CYP2D6 Inhibitors (Strong): May decrease serum concentrations of the active metabolite(s) of Tamoxifen. Specifically, strong CYP2D6 inhibitors may decrease the metabolic formation of highly potent active metabolites. Management: Avoid concurrent use of strong CYP2D6 inhibitors with tamoxifen when possible, as the combination may be associated with a reduced clinical effectiveness of tamoxifen. Risk D: Consider therapy modification
CYP3A4 Inducers (Moderate): May decrease serum concentrations of the active metabolite(s) of Tamoxifen. CYP3A4 Inducers (Moderate) may decrease the serum concentration of Tamoxifen. Risk C: Monitor therapy
CYP3A4 Inducers (Strong): May decrease serum concentrations of the active metabolite(s) of Tamoxifen. CYP3A4 Inducers (Strong) may decrease the serum concentration of Tamoxifen. Risk X: Avoid combination
Erdafitinib: May decrease the serum concentration of CYP3A4 Substrates (High risk with Inducers). Risk C: Monitor therapy
Fluoroestradiol F18: Estrogen Receptor Antagonists may diminish the diagnostic effect of Fluoroestradiol F18. Management: Image patients with fluoroestradiol F-18 prior to starting systemic endocrine therapies that block the estrogen receptor. Use of fluoroestradiol F-18 should not delay indicated treatment. Risk D: Consider therapy modification
Haloperidol: QT-prolonging Agents (Indeterminate Risk - Caution) may enhance the QTc-prolonging effect of Haloperidol. Risk C: Monitor therapy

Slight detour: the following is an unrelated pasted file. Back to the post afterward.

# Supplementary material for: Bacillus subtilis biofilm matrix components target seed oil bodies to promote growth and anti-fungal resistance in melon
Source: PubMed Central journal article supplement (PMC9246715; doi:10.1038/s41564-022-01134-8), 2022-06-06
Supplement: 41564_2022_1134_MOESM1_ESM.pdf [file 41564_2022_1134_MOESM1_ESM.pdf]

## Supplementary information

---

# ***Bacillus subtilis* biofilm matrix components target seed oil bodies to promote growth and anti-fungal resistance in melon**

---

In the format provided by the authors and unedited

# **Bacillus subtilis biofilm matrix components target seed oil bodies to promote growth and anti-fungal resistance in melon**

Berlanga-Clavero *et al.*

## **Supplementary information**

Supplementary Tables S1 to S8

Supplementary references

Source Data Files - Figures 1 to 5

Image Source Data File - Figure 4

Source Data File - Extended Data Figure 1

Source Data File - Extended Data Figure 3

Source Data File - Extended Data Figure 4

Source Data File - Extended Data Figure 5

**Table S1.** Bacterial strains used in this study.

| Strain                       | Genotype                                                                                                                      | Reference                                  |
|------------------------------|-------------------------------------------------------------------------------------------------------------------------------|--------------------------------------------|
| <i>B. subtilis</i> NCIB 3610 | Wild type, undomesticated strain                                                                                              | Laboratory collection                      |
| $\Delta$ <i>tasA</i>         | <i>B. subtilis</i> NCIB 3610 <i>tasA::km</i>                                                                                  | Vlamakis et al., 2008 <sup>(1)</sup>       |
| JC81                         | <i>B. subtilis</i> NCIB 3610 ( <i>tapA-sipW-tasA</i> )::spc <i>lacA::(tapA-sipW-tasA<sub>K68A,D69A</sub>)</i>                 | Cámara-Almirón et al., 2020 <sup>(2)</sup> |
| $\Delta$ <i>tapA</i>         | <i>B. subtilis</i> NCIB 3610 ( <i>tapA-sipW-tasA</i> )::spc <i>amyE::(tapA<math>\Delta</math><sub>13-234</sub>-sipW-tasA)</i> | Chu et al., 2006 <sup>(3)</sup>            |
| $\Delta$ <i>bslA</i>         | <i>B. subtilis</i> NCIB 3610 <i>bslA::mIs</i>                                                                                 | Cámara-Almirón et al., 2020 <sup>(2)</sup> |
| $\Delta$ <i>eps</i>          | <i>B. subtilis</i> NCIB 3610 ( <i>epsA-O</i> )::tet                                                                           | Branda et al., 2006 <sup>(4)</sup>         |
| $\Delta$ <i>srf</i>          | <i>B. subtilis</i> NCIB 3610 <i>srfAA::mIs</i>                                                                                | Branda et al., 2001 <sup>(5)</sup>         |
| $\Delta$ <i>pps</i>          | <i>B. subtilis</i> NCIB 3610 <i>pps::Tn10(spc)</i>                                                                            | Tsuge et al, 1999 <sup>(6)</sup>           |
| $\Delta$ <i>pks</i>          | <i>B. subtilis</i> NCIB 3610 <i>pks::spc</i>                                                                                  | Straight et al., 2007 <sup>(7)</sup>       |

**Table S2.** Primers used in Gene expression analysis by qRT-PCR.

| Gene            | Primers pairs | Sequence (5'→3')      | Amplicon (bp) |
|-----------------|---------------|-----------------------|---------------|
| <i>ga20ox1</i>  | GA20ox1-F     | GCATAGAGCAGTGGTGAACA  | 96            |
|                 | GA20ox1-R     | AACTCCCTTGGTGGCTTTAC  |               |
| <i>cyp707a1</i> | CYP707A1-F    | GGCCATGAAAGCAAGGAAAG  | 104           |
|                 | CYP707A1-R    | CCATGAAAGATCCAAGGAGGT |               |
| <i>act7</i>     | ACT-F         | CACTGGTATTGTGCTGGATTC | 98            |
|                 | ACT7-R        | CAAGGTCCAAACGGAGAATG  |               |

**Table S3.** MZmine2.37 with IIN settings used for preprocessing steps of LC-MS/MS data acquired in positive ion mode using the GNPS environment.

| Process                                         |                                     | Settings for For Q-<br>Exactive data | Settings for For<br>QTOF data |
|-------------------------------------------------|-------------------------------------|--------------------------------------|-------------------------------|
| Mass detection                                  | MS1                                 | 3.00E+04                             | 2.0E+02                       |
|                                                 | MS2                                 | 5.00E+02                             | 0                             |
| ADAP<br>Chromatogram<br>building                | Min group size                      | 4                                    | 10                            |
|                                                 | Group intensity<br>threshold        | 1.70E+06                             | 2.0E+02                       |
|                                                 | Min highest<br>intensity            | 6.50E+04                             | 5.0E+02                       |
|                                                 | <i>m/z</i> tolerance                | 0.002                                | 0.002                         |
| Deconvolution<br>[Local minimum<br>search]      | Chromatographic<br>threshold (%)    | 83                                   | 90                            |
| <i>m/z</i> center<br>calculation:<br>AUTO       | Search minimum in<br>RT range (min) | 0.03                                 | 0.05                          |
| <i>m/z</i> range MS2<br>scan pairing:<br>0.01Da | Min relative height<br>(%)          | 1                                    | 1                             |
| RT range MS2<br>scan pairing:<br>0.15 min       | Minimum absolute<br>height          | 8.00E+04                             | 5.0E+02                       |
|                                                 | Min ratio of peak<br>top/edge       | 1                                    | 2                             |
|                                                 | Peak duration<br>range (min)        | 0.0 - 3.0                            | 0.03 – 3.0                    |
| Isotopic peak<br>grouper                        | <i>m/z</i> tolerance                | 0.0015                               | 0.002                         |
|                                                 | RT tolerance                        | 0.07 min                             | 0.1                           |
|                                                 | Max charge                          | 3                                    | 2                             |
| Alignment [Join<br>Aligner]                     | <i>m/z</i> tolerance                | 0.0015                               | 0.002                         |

Hydroxychloroquine: Tamoxifen may enhance the adverse/toxic effect of Hydroxychloroquine. Specifically, concomitant use of tamoxifen and hydroxychloroquine may increase the risk of retinal toxicity. Risk C: Monitor therapy
Ivosidenib: May decrease the serum concentration of CYP3A4 Substrates (High risk with Inducers). Risk C: Monitor therapy
Letrozole: Tamoxifen may decrease the serum concentration of Letrozole. Risk C: Monitor therapy
Mipomersen: Tamoxifen may enhance the hepatotoxic effect of Mipomersen. Risk C: Monitor therapy
Ospemifene: Selective Estrogen Receptor Modulators may enhance the adverse/toxic effect of Ospemifene. Ospemifene may also enhance adverse/toxic effects of other Selective Estrogen Receptor Modulators. Selective Estrogen Receptor Modulators may diminish the therapeutic effect of Ospemifene. Ospemifene may also diminish the therapeutic effects of other Selective Estrogen Receptor Modulators. Risk X: Avoid combination